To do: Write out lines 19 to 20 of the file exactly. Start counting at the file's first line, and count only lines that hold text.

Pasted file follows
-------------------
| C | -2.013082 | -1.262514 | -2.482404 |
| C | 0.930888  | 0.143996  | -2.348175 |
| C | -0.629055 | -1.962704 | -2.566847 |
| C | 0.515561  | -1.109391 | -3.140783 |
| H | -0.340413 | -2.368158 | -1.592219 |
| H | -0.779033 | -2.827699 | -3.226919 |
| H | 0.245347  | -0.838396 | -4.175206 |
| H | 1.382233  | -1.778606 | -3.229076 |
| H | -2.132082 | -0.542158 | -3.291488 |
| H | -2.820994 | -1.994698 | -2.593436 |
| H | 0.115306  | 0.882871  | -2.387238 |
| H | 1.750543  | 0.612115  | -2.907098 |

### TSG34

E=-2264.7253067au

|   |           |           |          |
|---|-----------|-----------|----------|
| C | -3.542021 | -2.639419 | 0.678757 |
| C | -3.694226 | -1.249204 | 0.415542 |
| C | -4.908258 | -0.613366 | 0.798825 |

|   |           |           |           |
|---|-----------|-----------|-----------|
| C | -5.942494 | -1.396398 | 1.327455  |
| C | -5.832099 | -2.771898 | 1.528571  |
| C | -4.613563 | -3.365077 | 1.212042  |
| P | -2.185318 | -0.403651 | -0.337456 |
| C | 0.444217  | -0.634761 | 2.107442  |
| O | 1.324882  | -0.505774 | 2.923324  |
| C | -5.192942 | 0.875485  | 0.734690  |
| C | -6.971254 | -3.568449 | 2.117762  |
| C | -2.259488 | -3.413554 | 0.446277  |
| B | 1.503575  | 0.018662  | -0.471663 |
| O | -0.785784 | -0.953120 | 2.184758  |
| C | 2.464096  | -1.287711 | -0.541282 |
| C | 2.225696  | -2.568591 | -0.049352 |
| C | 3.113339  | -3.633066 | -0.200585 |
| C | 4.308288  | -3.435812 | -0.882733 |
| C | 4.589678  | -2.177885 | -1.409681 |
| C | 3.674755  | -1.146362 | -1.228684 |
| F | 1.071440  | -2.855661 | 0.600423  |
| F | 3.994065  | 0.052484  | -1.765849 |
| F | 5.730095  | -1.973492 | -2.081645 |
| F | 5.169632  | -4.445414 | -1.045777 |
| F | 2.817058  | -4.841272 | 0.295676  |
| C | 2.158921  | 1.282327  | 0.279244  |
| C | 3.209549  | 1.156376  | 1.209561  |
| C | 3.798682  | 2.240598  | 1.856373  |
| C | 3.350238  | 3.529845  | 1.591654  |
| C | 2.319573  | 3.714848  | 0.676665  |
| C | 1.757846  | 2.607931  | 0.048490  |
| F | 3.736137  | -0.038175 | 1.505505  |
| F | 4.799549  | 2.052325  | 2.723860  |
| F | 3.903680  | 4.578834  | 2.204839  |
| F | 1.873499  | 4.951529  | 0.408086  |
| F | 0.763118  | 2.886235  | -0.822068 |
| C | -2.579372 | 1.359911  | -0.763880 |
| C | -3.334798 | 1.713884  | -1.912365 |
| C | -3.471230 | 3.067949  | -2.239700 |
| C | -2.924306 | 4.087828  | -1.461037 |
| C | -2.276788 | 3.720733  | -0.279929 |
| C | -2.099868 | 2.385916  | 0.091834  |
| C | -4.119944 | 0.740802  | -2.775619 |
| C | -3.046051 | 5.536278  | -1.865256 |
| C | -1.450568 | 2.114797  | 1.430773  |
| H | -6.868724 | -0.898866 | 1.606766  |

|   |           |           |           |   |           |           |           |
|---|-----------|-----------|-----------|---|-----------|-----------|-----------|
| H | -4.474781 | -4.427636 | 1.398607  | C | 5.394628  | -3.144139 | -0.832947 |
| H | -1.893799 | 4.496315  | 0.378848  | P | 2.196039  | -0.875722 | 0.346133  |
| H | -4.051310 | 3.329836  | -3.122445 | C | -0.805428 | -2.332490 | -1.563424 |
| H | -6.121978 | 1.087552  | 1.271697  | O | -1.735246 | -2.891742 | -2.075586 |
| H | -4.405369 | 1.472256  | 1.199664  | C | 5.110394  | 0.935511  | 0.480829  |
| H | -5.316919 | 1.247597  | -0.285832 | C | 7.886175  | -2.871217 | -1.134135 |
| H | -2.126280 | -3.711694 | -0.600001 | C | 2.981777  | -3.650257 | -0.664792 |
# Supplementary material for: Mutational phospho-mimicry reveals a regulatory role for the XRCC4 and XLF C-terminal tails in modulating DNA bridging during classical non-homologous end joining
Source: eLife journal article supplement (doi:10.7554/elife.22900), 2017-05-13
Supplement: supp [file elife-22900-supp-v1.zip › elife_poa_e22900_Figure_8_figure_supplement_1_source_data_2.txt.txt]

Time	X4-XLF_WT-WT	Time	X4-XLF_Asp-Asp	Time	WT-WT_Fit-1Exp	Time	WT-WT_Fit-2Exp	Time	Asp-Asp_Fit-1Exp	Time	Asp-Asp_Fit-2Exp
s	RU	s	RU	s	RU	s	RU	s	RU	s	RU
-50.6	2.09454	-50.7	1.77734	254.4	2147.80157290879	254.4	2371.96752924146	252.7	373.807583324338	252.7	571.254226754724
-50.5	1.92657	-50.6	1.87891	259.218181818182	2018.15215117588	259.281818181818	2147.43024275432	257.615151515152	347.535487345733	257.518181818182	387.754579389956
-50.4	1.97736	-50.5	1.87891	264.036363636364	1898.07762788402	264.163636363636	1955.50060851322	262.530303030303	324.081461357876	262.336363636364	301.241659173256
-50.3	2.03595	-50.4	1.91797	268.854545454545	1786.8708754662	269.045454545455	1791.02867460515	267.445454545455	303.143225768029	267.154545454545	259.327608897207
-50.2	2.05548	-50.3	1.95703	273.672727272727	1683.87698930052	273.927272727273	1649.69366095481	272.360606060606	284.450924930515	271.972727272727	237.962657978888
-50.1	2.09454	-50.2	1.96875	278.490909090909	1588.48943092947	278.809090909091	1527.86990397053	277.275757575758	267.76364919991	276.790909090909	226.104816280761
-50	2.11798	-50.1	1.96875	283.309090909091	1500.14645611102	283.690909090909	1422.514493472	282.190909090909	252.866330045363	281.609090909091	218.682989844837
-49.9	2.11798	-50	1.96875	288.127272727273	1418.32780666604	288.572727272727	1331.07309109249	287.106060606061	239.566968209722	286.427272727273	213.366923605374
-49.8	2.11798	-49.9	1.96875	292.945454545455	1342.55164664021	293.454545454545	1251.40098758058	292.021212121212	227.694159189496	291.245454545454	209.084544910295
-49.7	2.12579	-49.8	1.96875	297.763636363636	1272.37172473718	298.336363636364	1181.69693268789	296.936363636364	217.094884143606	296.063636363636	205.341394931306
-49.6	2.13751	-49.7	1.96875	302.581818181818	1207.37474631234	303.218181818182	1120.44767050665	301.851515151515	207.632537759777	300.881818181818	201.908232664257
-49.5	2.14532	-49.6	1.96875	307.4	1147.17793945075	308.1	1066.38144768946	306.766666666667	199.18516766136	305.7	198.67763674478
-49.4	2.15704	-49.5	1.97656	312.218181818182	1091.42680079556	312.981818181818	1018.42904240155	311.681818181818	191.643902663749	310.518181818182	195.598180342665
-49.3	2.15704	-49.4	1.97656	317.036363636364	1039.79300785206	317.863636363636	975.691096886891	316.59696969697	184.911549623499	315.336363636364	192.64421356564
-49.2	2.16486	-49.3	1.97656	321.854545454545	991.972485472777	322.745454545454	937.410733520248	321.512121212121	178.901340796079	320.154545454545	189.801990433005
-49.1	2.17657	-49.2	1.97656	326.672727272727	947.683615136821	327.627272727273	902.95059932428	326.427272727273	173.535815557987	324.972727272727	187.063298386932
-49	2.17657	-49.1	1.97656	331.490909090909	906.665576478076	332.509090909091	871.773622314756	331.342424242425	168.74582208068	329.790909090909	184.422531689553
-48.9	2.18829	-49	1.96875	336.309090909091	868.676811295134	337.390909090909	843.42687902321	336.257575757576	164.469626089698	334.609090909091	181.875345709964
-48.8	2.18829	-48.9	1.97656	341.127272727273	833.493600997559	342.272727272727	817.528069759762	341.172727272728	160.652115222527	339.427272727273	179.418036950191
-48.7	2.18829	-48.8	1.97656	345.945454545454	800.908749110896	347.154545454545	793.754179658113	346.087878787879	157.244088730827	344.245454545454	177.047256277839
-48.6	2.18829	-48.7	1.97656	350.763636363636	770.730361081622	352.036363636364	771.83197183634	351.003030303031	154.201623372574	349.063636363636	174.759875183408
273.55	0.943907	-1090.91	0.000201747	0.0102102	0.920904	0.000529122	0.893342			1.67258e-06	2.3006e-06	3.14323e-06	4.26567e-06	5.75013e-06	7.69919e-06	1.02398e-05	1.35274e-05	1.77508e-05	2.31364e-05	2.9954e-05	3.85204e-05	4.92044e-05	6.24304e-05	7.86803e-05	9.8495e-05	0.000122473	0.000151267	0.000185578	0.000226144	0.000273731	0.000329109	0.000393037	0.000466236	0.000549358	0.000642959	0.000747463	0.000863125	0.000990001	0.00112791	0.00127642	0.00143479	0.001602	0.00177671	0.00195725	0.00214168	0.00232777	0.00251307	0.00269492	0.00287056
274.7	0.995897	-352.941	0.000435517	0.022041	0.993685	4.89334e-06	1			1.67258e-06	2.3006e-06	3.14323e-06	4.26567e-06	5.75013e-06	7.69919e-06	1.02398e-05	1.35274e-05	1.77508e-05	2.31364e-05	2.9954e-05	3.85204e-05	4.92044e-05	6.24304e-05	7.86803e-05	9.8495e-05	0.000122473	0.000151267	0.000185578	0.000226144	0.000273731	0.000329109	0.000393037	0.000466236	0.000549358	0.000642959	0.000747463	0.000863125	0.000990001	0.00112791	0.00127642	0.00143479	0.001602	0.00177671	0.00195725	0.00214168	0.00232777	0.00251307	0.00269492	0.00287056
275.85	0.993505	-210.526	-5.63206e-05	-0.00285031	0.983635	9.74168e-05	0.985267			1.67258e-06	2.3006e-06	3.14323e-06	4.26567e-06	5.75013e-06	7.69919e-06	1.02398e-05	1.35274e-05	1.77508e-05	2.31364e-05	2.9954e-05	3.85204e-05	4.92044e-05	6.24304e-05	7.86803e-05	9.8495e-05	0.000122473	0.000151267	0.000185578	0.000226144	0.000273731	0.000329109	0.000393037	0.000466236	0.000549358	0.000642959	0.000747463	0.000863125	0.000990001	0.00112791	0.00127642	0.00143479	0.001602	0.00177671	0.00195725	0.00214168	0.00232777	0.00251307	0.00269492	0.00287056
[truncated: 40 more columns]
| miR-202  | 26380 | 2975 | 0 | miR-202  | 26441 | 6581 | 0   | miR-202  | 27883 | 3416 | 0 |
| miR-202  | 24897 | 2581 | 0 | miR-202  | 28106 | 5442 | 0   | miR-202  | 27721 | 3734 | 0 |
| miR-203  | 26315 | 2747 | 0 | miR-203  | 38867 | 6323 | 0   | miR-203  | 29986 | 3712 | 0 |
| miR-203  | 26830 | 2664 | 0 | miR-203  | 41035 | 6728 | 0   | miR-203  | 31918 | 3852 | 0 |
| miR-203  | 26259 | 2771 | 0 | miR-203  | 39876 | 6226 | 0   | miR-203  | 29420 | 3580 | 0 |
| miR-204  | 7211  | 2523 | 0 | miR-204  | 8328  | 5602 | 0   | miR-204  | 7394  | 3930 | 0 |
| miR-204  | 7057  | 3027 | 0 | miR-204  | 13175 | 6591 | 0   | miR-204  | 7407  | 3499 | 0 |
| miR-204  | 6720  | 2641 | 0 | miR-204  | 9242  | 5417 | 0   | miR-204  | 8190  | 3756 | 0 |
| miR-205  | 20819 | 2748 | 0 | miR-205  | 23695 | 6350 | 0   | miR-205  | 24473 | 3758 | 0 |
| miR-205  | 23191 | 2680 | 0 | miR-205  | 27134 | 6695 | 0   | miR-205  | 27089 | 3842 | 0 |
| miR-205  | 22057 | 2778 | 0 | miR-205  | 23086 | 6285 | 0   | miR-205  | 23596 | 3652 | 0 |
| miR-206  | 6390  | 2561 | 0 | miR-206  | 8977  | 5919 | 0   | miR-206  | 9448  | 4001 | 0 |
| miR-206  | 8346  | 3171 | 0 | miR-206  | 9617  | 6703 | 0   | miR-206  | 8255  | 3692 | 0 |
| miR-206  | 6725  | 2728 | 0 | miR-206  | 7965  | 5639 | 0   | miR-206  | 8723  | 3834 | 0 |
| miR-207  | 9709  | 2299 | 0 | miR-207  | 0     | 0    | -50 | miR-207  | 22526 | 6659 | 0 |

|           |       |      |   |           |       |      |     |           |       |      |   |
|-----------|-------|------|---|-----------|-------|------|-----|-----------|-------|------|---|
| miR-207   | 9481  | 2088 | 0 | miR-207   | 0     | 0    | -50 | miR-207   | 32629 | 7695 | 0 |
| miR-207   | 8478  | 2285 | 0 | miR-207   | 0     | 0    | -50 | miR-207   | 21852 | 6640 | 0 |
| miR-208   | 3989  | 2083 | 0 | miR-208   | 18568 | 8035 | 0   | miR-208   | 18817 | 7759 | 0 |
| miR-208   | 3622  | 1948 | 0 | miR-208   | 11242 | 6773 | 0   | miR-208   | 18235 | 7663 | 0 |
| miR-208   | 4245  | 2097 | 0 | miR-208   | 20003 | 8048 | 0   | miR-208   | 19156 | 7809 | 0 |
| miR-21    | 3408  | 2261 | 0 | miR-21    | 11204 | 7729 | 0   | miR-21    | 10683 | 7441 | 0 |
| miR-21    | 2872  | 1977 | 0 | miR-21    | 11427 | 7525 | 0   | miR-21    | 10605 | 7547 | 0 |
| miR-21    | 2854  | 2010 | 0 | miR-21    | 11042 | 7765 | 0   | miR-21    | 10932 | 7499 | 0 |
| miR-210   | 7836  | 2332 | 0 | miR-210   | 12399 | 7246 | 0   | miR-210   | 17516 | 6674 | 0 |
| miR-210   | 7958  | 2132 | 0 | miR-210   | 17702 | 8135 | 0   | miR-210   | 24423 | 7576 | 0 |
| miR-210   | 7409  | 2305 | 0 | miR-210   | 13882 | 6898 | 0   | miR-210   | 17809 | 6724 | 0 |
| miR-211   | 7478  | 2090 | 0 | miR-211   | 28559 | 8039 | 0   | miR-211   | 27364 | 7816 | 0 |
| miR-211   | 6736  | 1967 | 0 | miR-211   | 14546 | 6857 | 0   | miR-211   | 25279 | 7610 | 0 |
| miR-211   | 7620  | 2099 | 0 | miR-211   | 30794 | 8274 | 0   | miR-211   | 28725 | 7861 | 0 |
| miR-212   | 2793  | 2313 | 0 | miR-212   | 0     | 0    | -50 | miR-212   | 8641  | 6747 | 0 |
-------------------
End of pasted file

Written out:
| C | -4.908258 | -0.613366 | 0.798825 |

|   |           |           |           |